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Bring it back

The Immigrant Investor Program worked for SK, and we want it reinstated

B

ack in 1986, the federal government of Canada founded the Immigrant Investor Program. In 2014 they axed it across the country, with one exception — Quebec. And we think the program should be brought back on a province-by-province basis — like, say, to Saskatchewan. First, a little background. For those who don’t know, the Immigration Investor Program was essentially a cash for citizenship kind of arrangement. It offered permanent Canadian residency in exchange for a three-year investment of at least $150,000. Over the years the numbers and fabric of the program changed to the point that, up until recently, the program offered permanent resident visas to investors with business experience, a net worth of at least $1.6 million and an investment of $800,000. Certainly not pocket change, any way you want to slice it.

See, from the jump, the program was controversial. Some claimed it was crooked and unfair, that it essentially allowed rich people to buy their way into Canada. Others said it was creating “Canadians of convenience” — people who seek citizenship, but live abroad. Most recently, people were saying the program was outdated and useless. A meaningless relic from a bygone era. And while in some provinces the program didn’t operate to its full potential, in others it has been rather successful. Take B.C., for instance. Since 2007, the program has lent somewhere in the neighbourhood of $400 million for the development of 21 infrastructure projects — everything from schools to hospitals. Here in Saskatchewan, the program attracted upwards of $160 million in investments. Investments that led to the creation of the HeadStart on a Home project, which has built more than 1,300 houses in the province. And that, you know, is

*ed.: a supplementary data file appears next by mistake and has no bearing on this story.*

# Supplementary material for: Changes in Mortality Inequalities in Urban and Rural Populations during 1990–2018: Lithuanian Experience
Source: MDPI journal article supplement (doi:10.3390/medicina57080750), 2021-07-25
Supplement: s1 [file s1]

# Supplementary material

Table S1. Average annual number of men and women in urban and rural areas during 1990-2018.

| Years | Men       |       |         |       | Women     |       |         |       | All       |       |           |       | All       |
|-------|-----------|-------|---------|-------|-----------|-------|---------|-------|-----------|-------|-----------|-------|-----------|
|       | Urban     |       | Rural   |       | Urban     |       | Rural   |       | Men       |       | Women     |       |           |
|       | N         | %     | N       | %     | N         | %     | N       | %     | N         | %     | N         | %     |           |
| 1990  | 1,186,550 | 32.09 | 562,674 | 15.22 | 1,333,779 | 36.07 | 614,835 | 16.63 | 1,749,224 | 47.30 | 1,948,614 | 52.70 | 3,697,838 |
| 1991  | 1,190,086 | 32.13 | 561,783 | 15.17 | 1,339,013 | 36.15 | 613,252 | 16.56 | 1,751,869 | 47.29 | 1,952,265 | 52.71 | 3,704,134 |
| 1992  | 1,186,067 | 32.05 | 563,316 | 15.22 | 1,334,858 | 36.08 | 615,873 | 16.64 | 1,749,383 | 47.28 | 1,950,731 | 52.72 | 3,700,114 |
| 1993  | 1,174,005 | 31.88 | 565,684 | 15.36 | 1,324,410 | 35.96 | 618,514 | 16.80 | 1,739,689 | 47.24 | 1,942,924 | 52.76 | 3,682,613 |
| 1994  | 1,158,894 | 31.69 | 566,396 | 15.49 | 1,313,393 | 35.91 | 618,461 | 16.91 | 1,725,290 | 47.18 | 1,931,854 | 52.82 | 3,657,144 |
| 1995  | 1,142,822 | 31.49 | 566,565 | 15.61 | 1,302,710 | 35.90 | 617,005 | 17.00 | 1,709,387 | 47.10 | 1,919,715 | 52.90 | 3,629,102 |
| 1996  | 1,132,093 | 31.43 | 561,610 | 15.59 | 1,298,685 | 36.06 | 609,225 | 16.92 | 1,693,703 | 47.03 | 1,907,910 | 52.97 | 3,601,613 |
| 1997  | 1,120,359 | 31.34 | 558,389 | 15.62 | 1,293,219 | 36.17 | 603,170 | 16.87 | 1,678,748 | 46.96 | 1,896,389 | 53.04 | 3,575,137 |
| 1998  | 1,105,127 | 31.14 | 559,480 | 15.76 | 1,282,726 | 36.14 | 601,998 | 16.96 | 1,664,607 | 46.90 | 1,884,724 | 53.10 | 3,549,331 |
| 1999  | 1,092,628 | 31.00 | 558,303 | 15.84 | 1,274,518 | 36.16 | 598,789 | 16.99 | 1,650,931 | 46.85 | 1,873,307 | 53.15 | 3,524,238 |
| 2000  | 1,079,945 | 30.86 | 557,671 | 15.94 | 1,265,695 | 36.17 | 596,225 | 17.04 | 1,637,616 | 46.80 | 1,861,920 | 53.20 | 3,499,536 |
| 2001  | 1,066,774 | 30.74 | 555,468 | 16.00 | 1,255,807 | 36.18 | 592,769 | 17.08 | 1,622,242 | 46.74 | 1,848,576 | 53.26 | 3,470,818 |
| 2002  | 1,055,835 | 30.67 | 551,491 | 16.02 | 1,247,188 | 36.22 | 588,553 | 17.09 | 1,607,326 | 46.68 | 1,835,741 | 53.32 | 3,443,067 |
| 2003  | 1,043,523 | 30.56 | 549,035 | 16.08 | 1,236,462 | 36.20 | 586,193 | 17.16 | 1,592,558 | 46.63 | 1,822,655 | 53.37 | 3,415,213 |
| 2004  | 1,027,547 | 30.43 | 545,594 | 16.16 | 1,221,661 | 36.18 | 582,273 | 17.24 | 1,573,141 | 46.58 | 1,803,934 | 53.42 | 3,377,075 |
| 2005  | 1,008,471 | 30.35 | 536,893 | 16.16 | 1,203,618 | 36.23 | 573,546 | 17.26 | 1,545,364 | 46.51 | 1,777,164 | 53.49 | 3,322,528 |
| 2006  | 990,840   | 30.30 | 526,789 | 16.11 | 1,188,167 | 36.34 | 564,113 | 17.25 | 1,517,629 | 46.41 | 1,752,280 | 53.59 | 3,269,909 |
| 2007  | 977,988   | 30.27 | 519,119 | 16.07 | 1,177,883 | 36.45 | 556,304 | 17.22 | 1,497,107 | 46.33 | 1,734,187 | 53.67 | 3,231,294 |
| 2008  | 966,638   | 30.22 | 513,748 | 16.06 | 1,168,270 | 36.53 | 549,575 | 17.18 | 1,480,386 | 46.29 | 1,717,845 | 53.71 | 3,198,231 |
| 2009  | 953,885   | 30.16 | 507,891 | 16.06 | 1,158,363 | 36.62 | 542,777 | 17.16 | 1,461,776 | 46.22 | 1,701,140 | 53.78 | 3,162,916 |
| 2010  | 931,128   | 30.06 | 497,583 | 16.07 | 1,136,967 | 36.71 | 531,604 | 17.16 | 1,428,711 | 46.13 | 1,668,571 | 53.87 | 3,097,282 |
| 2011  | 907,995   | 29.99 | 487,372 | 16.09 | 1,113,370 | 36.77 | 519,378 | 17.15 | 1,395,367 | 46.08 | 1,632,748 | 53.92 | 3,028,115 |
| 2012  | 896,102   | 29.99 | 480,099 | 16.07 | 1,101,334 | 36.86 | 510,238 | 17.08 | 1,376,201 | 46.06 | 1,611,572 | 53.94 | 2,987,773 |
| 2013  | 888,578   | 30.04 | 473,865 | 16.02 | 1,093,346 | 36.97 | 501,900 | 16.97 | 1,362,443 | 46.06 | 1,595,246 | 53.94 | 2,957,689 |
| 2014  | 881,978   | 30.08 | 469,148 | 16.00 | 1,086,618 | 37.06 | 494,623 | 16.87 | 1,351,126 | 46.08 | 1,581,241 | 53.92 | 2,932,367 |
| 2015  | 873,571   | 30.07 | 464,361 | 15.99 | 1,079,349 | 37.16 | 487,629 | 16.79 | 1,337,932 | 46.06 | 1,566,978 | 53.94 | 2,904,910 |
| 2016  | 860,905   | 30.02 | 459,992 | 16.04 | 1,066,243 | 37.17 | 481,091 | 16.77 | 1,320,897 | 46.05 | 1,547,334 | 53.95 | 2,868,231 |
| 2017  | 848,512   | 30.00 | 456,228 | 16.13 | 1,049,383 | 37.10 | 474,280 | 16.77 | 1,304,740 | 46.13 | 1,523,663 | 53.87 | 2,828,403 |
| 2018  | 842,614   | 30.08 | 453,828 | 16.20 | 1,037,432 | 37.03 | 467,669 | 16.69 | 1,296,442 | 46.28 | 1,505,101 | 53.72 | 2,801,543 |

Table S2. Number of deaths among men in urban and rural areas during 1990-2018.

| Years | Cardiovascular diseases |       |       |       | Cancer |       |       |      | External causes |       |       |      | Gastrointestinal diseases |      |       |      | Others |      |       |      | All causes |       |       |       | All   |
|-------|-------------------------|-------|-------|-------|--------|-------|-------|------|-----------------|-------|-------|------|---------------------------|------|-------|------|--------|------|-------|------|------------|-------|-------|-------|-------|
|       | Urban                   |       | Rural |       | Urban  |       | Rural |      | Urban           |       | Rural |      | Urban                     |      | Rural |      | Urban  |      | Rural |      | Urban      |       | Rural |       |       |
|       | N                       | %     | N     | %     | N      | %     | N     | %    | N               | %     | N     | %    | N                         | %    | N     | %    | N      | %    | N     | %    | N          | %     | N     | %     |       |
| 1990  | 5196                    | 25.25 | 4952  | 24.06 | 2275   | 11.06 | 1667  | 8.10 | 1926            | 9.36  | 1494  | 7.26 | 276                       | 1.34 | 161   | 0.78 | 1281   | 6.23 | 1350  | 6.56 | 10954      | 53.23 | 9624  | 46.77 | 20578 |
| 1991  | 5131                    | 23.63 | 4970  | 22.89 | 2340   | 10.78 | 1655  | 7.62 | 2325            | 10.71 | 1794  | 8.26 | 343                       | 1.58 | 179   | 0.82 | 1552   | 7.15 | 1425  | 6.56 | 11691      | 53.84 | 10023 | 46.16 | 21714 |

And we’re not alone. Premier Brad Wall has expressed frustration over the axing of the program, telling reporters “[the Immigrant Investor Program] works very well here. We’re being responsible with the dollars and with the principles of the program.” So let’s look at the Immigrant Investor Program on a province-by-province basis. After all, if Quebec is permitted to carry on with it, then we believe we should also have the option to do so. It worked well here, it contributed to our provincial economy, and we want to see that carry on. These editorials are left unsigned because they represent the opinions of Verb magazine, not those of the individual writers. Feedback? Text it! (306) 881 8372